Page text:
Formative experiences guide participants in self-renewal, spiritual growth and community building
By JULIE MINDA
About a decade ago Cardinal Timothy Dolan challenged ArchCare — the Archdiocese of New York's health care ministry — to help develop a solution for the growing number of elderly clergy who wished to age in place but whose congregations could not meet their health care needs.
ArchCare came up with an effective answer: It would extend the comprehensive medical and social services ArchCare already provided frail seniors through its PACE centers to the retired clergy in the congregate living centers they called home. Since then, ArchCare has created PACE center satellites for two congregations in New York state and is preparing to do the same for a third.
"Cardinal Dolan wanted retired religious to get services from an organization that understands the importance of them staying in religious community," says ArchCare President and Chief Executive Scott LaRue. "We developed a program to meet those needs and that allows much independence for the religious (men and women). We understand religious communities. This is the perfect fit for a health care ministry of the church."
PACE stands for Program of All-Inclusive Care for the Elderly. The Centers for Medicare & Medicaid Services pay PACE providers to deliver comprehensive medical and social service to keep frail, elderly participants out of nursing homes and living in the community. With few exceptions, participants have low incomes and are covered by both Medicare and Medicaid insurance.
Trinity Health PACE's MERCY Life program has had similar success extending the PACE model of care to men and women religious in congregant living. And both ArchCare and Trinity Health PACE have been taking PACE programs to secular congregate living developments, including low-income apartment complexes for seniors.
Anne Lewis, chief operating officer of Trinity Health PACE, says, "As a Catholic health care ministry, our core values and mission closely align with those of the religious communities we serve. We are grateful to be able to give back to our founding orders by providing supportive services in the place the religious members call home."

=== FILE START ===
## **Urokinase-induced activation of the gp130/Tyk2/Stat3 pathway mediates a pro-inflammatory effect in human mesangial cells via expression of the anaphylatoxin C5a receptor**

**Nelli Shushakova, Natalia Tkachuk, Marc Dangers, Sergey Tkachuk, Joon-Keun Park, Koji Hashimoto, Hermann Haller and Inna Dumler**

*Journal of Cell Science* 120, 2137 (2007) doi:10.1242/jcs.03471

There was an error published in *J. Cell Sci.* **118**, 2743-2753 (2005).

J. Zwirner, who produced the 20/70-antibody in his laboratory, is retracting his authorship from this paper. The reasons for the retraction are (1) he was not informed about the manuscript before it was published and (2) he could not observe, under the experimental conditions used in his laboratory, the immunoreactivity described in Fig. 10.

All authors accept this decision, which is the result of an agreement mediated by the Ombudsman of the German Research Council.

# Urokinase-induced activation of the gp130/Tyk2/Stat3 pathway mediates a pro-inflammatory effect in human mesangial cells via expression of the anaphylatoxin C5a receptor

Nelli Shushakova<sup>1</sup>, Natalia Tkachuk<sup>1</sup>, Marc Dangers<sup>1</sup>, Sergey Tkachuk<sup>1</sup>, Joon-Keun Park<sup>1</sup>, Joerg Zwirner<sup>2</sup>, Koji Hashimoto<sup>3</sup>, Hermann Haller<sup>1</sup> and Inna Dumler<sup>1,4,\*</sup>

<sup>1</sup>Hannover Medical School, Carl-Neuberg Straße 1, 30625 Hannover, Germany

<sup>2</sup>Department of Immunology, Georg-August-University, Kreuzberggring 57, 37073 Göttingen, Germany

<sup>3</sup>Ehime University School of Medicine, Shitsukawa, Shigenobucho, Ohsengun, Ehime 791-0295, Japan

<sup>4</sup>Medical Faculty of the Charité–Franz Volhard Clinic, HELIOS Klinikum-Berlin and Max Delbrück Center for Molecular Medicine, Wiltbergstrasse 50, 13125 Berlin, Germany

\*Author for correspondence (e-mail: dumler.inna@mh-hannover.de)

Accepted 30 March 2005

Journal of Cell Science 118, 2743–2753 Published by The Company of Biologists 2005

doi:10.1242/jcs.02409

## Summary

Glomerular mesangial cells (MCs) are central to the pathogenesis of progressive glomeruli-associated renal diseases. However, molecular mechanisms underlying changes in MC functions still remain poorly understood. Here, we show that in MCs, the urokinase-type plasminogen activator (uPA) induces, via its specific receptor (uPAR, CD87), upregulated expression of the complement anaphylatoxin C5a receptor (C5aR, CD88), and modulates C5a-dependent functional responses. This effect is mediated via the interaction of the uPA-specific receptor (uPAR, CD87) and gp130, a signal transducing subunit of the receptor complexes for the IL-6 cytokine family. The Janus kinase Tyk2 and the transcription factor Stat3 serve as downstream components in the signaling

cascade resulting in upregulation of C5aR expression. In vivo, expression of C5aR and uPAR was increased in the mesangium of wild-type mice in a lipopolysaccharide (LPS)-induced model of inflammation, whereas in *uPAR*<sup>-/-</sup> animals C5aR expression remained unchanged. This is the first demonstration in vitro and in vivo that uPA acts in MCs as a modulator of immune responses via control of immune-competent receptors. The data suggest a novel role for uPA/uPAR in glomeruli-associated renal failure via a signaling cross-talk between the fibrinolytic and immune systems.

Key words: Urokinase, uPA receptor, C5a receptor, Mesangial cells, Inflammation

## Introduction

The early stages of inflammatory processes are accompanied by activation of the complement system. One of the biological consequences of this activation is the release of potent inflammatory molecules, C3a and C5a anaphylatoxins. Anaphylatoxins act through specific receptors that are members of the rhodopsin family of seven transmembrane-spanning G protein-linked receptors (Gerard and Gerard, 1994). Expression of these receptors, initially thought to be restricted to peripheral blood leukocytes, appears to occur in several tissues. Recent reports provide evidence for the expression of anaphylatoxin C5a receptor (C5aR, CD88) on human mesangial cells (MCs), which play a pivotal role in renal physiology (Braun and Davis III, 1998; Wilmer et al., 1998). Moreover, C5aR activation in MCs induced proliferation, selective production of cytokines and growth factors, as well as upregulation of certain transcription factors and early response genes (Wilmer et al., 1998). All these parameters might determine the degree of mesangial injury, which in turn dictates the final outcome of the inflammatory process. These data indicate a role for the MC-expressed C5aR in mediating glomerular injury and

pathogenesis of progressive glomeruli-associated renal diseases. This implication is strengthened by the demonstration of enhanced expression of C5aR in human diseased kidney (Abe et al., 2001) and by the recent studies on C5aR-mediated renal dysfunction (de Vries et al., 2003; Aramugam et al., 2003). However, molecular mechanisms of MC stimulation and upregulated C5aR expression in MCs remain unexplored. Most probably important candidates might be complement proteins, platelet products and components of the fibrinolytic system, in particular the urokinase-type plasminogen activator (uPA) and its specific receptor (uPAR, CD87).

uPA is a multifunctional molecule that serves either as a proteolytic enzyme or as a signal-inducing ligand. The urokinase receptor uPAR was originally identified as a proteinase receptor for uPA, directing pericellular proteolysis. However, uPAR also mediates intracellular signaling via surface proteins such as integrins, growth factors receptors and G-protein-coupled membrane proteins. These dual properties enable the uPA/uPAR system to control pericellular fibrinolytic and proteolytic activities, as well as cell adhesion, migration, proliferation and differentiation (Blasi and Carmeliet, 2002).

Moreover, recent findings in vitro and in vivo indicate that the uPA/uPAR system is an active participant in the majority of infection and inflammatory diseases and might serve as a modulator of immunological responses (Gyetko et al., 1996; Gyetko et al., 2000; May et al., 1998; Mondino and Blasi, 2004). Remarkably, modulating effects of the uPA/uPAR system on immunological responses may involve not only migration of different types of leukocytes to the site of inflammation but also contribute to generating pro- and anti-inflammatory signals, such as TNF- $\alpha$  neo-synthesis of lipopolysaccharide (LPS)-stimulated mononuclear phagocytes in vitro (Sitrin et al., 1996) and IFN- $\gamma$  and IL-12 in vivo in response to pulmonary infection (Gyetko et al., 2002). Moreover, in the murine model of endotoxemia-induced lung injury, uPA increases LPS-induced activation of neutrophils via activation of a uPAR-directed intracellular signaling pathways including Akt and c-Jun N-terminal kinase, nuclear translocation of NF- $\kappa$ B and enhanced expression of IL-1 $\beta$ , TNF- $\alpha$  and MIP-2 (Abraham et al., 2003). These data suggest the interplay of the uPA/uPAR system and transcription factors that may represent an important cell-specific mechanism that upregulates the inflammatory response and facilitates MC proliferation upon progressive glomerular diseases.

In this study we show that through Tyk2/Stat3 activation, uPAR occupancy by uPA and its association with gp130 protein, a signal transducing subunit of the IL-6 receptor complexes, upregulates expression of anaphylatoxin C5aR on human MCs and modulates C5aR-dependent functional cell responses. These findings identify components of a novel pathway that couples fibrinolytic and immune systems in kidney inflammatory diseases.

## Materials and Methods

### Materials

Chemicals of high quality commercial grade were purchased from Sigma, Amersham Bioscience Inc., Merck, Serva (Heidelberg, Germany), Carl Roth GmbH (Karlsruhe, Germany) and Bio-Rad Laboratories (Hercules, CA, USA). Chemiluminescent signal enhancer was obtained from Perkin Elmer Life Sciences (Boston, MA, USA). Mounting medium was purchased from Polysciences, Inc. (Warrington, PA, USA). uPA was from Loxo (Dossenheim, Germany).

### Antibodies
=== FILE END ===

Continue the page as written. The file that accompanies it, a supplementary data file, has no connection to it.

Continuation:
She adds, "We are open to all opportunities to expand PACE. PACE expansion is near and dear to our hearts."
Opportunity for creativity
According to the National PACE Association, PACE is for people aged 55 or older and certified by the state to need nursing home care although capable of living safely in the community with the benefit of supportive services.
PACE provides its enrollees with primary medical care; referrals to medical specialties; behavioral health services; physical, occupational and recreational therapy; prescription drug benefits; meals; nutritional counseling; adult day care; home health care; personal care assistance; social services; caregiver respite care; and other services that allow frail clients to age in place in their homes.
Most of these services are provided in PACE centers and at enrollees' homes. PACE coordinates hospital and nursing home care for participants.
Currently there are 149 PACE programs operating 306 PACE centers in 32 states. In 2021, the National PACE Association launched a broad-based effort to help PACE organizations grow more quickly. Its strategies included efforts to broaden the PACE eligibility criteria to open the program to younger people with life-altering disabilities.
Robert Greenwood, National PACE Association senior vice president of communications and member engagement, says even before the 2021 expansion effort began, PACE centers had been extending their reach by offering their services via the satellite model in buildings and neighborhoods with clusters of PACE-eligible people.
These areas of expansion included housing complexes subsidized by the U.S. Department of Housing and Urban Development or Veterans Administration and assisted living complexes.
ArchCare has PACE centers in Manhattan, the Bronx, Staten Island and Westchester. About eight years ago, it signed on to establish PACE services — as an extension of its Bronx PACE center — at Murray-Weigel Hall, a close-by residence owned by the Jesuits that houses retired Jesuits. PACE has 39 Jesuit clients at Murray-Weigel Hall.